Discussions about flexible working hours often result in two camps disputing how productive employees can be when they aren’t required to sit at their desks for eight hours a day. Those against flexible work policies suggest that employees who aren’t managed or accounted for onsite tend to waste time. Those in support of the idea believe employees are actually more productive when they’re not being micromanaged, since they can find the rhythm that works best for them.
If you find yourself torn between these two sides, try asking a different question: If you could offer the smokers in your workforce a cost-free (and possibly cost-saving) solution to quitting smoking, would you do it?
Well, “sitting is the new smoking” isn’t just a clever catchphrase — research has shown the potentially devastating effects of sedentary habits. One recent study published in the Annals of Internal Medicine, for example, monitored the activity levels of almost 8,000 45-year-old workers. It found that those who sat for the longest total time (more than 13 hours daily) and for the longest bouts (60 to 90 consecutive minutes) were roughly twice as likely to face the risk of death as those who sat for shorter amounts of time.
Offering flexible working hours lets employees stand up and get away from their desks — literally. Having more flexibility in and control over their schedules means they’ll be more likely keep moving at their own pace. Here’s what you need to know if you’re considering implementing a flexible work policy.
Defining Flexible Working Hours
Those unfamiliar with flexible schedules may imagine the office becoming a total free-for-all. The fear that the workplace will become completely void of employees and that no one will be there to interact with each other — or with clients — may lead some to believe that flexibility in the office is a dangerous thing. To understand the benefits, though, you need to know what “flexible working hours” really means.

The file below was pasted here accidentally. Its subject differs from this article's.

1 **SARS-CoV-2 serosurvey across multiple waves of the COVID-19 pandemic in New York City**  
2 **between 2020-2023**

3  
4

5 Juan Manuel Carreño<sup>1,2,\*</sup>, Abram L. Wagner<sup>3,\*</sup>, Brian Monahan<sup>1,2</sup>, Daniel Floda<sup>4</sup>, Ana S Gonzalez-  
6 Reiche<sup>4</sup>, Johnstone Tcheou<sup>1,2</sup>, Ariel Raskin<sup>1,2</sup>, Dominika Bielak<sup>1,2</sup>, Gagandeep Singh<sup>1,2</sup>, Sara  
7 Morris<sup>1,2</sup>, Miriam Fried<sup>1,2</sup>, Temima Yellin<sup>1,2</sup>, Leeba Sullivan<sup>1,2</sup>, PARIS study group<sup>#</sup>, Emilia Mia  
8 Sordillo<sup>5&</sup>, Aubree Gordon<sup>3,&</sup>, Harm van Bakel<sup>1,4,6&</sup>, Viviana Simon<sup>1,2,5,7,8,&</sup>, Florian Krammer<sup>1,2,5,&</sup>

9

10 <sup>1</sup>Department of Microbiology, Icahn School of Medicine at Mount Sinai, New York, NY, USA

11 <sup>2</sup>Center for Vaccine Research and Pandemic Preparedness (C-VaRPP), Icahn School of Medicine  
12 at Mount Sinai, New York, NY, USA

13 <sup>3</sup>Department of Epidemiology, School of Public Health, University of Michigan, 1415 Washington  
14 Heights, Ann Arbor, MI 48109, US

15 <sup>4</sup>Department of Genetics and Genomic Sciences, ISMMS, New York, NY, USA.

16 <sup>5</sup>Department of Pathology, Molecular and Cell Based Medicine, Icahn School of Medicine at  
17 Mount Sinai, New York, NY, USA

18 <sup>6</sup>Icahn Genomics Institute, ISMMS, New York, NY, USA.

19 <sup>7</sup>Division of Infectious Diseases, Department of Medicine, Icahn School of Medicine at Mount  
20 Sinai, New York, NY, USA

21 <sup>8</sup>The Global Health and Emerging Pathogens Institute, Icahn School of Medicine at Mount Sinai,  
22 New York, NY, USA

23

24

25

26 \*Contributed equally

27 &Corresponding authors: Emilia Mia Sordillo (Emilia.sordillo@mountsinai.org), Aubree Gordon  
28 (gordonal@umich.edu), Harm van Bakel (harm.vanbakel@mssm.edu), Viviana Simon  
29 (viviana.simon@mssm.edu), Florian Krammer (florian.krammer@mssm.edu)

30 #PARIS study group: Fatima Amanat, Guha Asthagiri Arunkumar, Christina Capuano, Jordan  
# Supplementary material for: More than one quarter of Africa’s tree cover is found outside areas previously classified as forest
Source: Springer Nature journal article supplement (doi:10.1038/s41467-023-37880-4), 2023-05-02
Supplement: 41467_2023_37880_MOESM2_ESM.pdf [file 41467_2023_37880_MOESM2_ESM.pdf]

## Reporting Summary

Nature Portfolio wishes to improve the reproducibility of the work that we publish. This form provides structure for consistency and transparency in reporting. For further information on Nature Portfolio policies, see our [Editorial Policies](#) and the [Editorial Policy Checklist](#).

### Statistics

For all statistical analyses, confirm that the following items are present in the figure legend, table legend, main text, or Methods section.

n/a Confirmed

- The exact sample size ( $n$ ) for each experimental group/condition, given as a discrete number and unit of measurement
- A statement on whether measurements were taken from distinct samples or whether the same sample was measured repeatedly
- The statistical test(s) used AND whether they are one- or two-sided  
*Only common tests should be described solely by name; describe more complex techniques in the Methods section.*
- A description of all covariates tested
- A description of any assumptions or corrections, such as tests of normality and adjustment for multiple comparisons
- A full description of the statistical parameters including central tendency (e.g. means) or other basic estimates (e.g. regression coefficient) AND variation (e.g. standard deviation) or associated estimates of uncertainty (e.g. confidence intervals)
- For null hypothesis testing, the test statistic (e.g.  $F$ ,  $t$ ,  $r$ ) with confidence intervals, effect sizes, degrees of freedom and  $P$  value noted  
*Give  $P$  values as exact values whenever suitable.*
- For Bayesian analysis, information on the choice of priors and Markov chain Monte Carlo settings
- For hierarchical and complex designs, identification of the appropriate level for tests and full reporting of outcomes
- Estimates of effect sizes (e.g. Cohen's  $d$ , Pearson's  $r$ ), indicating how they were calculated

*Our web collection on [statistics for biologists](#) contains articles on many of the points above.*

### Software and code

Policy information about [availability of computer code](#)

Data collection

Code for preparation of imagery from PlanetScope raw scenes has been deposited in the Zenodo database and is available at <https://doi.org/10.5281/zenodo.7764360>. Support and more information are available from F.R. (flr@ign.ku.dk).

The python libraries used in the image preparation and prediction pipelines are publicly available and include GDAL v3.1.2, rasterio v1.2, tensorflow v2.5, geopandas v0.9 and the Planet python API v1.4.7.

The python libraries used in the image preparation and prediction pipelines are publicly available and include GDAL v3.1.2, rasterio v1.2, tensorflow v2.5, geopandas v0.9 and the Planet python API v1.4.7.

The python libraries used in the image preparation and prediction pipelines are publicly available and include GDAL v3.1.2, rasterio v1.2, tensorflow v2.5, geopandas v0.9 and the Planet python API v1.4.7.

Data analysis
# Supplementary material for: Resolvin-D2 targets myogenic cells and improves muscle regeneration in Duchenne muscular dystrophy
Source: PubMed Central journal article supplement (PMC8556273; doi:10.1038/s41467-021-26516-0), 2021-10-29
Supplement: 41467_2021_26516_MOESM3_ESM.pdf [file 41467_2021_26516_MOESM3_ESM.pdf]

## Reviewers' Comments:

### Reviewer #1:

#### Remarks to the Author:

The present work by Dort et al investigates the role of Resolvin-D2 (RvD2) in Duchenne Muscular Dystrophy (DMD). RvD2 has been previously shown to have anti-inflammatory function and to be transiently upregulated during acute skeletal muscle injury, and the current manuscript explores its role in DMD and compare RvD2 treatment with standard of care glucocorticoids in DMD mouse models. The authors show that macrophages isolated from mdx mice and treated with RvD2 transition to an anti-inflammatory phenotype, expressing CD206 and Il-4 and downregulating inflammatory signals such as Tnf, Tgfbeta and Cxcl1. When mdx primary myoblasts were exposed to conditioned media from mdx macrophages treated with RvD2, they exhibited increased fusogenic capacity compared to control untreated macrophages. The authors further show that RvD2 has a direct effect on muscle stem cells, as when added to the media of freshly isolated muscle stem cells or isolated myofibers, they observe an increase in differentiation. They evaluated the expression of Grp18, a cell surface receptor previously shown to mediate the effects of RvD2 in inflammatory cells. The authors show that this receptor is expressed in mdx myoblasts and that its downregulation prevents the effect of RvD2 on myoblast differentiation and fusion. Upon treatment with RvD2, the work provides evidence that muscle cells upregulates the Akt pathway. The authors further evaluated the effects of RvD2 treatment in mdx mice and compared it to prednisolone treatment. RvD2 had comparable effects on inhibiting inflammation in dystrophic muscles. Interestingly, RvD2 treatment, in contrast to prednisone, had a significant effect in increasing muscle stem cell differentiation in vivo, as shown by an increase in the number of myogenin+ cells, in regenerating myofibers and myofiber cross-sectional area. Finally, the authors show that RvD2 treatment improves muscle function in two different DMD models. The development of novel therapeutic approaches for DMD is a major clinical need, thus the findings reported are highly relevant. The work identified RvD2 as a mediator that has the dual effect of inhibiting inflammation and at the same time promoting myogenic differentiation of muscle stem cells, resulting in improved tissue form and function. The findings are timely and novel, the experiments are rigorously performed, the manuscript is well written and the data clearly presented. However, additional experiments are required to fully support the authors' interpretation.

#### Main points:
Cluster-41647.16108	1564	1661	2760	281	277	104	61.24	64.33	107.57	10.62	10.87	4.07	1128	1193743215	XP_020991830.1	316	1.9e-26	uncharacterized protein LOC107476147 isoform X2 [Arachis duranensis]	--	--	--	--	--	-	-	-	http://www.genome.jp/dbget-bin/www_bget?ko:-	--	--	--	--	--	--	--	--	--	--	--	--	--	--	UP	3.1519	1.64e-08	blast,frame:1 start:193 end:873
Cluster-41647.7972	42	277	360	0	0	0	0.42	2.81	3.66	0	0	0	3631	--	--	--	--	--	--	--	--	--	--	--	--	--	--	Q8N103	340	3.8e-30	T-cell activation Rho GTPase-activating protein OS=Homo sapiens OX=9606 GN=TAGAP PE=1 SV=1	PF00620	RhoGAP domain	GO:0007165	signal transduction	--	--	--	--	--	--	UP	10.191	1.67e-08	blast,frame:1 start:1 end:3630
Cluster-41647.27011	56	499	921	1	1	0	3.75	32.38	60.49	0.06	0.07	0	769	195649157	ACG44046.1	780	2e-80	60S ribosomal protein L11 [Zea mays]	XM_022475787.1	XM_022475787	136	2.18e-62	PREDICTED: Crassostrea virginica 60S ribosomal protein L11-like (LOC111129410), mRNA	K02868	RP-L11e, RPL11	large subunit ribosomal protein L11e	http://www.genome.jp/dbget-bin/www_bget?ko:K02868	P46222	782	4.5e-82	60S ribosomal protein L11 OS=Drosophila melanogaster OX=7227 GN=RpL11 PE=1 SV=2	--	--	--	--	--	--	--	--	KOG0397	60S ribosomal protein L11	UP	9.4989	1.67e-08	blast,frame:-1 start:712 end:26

Typically, the following fall under the umbrella of flexible hours:
- Compressed workdays or workweeks: These policies usually involve working longer for a given period of time and then having an extended period off, for example working four 10-hour days and having a three-day weekend.
- Flexible daily hours: Some employers don’t specify a number of hours that employees need to be onsite. Instead, they offer leeway to employees who have family or medical commitments or plans to spend time at the gym or on other wellness activities, among other commitments outside of the workplace.
- Telecommuting options: Telecommuting offers employees the ability to work from a remote location during some or all workdays. Some employers are open to the idea of eliminating the need for onsite space, employing remote workers exclusively. Others have policies that allow employees to work remotely on given days, under certain circumstances or as long as there are a set number of employees onsite.
Benefits of Flexible Working Hours
Job placement service Workopolis found that job-seeker searches for the terms “work from home” and “remote” tripled over a three-year span. They also found that searches for “virtual positions” have doubled. With the future leaning toward employees seeking flexible schedules, it may be time to consider the options for your workforce.
There are many benefits of offering flexible working hours, including:
- Better work-life balance for employees juggling many commitments
- A decrease in employee burnout and, consequently, turnover
- Increased productivity, since employees work when they’re most alert as opposed to predetermined times during the day
And letting employees loose from their desks gives them more convenience to pursue wellness goals and, more broadly, to get up and move around.
Collaborate with your employees to understand what needs they’re having trouble meeting and which flexible work options they would be most likely to use. This ensures that you get the most out of any time and money you invest on setting up new programs or policies.
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